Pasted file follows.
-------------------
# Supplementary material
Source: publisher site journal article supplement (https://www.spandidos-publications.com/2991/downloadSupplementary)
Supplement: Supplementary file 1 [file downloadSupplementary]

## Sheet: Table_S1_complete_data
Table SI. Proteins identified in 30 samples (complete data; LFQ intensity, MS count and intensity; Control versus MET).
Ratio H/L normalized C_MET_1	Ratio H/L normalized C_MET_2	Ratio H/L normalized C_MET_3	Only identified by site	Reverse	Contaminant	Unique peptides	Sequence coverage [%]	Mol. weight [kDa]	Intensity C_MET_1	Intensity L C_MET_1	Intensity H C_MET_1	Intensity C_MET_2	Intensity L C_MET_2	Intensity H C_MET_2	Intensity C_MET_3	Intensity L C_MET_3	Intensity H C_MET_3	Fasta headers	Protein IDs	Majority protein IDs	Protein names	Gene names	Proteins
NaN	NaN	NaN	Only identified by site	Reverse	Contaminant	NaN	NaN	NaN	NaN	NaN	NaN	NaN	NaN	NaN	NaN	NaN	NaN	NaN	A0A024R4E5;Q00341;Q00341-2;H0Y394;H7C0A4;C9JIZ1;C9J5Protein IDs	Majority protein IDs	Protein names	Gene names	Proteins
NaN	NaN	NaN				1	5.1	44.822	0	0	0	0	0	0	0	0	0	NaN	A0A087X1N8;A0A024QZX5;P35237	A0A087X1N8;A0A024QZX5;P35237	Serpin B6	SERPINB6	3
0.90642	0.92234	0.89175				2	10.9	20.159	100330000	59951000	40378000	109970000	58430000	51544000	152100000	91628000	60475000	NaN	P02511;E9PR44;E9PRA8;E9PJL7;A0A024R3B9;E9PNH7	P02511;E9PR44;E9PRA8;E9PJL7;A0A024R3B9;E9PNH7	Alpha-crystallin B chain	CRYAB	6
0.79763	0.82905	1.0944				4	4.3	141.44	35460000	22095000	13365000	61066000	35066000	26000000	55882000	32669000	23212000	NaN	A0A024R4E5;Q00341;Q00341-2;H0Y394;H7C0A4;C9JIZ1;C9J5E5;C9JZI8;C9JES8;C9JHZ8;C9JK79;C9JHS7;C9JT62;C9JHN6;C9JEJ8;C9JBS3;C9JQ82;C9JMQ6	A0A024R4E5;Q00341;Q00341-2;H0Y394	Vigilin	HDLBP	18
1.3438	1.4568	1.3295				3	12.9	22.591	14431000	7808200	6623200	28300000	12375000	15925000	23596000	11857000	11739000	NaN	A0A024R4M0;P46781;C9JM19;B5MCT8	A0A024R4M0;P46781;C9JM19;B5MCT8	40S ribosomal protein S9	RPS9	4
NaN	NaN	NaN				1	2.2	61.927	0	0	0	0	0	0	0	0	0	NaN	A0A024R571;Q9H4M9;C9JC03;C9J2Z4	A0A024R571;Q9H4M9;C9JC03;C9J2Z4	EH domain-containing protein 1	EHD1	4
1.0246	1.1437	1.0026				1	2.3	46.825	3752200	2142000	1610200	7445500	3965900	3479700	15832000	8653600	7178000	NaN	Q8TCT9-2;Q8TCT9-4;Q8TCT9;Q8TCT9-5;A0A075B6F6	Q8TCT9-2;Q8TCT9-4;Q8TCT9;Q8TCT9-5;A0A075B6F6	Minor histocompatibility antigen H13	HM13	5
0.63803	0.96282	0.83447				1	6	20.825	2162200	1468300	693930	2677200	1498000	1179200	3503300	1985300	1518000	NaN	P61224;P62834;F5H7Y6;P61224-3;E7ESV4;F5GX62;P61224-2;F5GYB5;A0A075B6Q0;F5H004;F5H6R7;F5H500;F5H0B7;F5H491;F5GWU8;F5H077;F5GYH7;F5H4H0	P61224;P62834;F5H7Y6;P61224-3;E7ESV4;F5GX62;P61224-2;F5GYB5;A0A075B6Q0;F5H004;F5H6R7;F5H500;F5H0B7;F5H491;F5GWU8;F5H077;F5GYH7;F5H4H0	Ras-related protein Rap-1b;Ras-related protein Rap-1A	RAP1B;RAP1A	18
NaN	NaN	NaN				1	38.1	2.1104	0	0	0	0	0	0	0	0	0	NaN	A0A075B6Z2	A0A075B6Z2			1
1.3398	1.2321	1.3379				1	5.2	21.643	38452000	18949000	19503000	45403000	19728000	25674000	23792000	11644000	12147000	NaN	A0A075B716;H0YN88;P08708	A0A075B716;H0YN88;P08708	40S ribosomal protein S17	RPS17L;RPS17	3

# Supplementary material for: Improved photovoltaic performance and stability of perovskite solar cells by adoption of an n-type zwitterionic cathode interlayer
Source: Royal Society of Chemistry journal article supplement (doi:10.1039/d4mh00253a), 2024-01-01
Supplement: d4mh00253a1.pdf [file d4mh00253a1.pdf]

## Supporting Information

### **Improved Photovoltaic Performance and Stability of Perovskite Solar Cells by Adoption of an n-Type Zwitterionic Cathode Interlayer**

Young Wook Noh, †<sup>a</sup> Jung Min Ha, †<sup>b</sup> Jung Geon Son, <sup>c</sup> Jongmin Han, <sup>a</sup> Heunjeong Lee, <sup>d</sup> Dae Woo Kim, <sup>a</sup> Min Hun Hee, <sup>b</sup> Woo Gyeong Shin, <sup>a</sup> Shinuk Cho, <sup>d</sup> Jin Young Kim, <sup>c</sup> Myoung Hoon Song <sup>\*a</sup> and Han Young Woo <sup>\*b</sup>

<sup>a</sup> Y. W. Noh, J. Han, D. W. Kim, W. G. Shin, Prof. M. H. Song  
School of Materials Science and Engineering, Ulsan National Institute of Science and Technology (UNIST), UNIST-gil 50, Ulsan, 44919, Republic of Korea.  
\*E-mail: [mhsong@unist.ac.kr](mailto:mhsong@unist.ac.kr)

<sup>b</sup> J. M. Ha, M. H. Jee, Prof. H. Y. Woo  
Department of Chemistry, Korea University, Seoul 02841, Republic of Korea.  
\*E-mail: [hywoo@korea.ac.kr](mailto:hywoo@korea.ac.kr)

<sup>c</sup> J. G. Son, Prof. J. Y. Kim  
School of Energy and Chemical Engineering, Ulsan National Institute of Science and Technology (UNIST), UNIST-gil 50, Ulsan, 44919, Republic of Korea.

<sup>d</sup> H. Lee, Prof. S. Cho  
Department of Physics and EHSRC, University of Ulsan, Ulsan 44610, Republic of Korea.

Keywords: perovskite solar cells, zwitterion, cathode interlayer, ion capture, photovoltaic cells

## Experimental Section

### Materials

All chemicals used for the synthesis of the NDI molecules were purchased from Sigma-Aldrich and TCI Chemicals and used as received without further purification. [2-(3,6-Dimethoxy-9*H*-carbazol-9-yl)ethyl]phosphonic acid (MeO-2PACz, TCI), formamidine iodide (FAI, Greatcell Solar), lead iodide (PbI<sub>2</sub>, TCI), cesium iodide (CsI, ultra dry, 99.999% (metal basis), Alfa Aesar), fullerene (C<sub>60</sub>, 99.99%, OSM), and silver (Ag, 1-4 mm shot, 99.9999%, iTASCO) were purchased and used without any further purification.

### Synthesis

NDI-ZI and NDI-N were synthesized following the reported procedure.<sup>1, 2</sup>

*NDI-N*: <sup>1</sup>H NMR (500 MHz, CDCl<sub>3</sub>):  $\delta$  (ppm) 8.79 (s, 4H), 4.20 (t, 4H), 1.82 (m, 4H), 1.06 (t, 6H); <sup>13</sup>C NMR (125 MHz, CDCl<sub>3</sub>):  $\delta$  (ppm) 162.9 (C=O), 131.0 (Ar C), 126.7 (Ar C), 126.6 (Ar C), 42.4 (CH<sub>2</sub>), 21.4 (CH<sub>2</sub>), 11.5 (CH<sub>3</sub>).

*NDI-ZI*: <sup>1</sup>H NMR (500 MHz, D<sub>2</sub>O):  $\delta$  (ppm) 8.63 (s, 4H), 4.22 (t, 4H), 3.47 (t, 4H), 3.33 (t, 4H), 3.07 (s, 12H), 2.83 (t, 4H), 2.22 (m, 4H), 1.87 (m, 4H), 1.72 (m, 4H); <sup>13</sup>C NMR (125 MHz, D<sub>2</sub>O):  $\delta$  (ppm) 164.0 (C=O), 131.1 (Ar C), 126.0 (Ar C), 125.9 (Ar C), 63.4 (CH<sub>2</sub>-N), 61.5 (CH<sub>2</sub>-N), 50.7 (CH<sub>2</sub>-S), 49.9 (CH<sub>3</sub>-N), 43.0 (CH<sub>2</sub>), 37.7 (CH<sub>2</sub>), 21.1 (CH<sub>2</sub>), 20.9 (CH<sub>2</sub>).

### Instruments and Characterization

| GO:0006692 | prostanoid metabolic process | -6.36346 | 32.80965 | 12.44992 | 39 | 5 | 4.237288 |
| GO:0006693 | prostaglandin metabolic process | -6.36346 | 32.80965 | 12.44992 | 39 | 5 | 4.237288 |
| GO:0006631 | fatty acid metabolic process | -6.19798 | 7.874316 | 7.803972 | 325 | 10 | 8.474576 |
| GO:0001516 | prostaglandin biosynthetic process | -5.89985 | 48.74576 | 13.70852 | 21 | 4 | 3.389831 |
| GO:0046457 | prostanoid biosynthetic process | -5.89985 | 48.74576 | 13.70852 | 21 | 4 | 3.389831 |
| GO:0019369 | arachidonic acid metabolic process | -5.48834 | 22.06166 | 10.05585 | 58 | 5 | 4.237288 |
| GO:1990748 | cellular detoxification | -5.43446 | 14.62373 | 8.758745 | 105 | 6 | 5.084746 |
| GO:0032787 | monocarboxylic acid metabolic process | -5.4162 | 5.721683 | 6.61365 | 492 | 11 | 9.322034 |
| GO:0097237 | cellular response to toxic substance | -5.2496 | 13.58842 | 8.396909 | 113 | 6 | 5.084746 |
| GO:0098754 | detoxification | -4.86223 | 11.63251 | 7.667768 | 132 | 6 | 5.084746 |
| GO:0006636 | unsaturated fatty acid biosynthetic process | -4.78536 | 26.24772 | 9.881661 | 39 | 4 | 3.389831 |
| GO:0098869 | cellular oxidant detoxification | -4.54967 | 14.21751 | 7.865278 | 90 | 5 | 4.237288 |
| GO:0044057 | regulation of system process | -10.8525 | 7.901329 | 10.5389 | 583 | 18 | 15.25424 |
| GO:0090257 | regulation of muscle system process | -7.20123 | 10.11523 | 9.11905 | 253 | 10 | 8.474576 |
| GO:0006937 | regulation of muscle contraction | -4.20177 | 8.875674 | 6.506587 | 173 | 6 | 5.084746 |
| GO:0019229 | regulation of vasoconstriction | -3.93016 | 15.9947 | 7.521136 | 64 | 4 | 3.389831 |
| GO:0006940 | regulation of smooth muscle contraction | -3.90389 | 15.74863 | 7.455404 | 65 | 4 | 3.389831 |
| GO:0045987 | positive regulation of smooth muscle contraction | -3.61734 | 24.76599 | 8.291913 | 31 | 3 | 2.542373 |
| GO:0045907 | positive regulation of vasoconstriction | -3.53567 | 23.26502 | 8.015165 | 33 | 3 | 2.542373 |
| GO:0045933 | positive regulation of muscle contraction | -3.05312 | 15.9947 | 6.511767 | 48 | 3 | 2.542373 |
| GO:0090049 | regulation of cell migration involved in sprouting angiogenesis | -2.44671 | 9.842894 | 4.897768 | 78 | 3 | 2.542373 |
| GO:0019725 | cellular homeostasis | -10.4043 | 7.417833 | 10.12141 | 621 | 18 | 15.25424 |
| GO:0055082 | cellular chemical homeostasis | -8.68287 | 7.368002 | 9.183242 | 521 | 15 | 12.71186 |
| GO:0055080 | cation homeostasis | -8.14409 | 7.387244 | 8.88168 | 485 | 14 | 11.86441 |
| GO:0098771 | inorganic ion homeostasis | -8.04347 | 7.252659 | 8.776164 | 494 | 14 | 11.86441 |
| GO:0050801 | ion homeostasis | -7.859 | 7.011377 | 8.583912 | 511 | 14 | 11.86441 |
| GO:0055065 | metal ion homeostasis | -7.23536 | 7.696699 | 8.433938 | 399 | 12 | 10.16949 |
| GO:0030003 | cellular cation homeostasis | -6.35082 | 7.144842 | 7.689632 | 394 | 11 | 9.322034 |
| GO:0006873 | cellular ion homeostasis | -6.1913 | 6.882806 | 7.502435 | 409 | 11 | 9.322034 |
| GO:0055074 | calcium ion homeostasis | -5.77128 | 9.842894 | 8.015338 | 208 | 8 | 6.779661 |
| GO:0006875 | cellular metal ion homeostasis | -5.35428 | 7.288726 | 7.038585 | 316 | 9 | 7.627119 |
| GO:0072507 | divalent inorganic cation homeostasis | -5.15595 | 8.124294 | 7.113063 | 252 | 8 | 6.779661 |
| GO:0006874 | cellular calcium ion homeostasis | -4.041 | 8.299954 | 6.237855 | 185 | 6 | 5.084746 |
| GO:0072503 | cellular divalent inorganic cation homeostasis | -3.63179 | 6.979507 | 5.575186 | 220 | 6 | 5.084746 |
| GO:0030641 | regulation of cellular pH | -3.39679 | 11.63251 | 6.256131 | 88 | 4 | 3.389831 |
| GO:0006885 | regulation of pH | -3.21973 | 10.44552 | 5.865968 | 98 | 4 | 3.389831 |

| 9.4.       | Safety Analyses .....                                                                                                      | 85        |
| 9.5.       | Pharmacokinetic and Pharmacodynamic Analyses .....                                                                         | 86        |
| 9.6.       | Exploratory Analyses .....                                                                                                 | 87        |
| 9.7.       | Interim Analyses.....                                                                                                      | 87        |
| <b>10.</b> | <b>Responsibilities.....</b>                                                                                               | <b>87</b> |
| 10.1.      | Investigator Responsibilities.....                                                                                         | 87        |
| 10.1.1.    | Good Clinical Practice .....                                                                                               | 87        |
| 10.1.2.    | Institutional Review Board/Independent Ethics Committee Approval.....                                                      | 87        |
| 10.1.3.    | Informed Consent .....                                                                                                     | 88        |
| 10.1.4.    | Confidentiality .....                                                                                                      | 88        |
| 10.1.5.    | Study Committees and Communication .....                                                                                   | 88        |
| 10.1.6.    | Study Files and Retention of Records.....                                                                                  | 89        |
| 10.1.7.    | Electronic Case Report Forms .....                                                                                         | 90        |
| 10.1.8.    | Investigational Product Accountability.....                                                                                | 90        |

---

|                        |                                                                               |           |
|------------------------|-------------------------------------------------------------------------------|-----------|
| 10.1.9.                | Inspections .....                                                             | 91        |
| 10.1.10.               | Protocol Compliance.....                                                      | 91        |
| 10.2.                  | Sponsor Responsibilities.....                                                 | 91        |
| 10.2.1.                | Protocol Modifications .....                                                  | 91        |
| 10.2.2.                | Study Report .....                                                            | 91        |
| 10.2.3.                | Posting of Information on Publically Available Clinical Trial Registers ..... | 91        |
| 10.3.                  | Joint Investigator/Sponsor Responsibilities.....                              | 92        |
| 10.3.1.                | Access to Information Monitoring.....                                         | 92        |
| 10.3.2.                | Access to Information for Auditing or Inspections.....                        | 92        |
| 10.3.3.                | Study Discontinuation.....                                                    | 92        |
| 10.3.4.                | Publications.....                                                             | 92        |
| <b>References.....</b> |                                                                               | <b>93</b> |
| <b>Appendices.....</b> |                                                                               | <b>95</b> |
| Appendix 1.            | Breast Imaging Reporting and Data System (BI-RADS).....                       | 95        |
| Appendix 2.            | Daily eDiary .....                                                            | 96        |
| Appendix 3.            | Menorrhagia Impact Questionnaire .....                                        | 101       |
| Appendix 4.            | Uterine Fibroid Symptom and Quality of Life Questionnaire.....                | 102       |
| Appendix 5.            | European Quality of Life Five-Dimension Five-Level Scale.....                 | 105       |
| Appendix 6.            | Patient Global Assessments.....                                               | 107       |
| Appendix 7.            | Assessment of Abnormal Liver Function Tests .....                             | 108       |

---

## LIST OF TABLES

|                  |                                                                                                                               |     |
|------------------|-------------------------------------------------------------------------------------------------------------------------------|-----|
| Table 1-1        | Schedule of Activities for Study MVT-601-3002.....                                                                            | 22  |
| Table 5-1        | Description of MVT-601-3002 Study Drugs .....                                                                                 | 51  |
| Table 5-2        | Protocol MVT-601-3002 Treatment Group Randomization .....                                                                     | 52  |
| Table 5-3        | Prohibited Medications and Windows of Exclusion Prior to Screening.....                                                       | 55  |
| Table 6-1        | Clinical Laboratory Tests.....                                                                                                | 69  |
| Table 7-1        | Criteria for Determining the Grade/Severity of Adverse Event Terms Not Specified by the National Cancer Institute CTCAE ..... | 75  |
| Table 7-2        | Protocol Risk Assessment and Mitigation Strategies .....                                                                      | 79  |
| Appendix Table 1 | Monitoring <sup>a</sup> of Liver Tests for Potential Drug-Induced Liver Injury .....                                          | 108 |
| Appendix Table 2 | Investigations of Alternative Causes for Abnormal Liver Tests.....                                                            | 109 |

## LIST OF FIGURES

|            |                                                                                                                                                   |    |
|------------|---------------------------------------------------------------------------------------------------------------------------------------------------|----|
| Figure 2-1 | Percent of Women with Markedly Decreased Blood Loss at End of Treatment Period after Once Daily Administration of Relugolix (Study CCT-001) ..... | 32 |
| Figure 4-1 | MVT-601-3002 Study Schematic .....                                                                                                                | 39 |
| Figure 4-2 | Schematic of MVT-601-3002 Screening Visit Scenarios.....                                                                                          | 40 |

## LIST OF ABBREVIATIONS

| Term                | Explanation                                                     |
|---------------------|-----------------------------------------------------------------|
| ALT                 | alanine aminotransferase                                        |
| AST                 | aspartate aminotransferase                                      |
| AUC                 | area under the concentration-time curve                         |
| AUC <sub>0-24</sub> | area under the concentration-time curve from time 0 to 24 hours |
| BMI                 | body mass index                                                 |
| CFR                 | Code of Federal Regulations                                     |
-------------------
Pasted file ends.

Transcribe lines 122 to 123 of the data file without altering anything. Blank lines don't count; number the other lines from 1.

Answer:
| Table 5-3        | Prohibited Medications and Windows of Exclusion Prior to Screening.....                                                       | 55  |
| Table 6-1        | Clinical Laboratory Tests.....                                                                                                | 69  |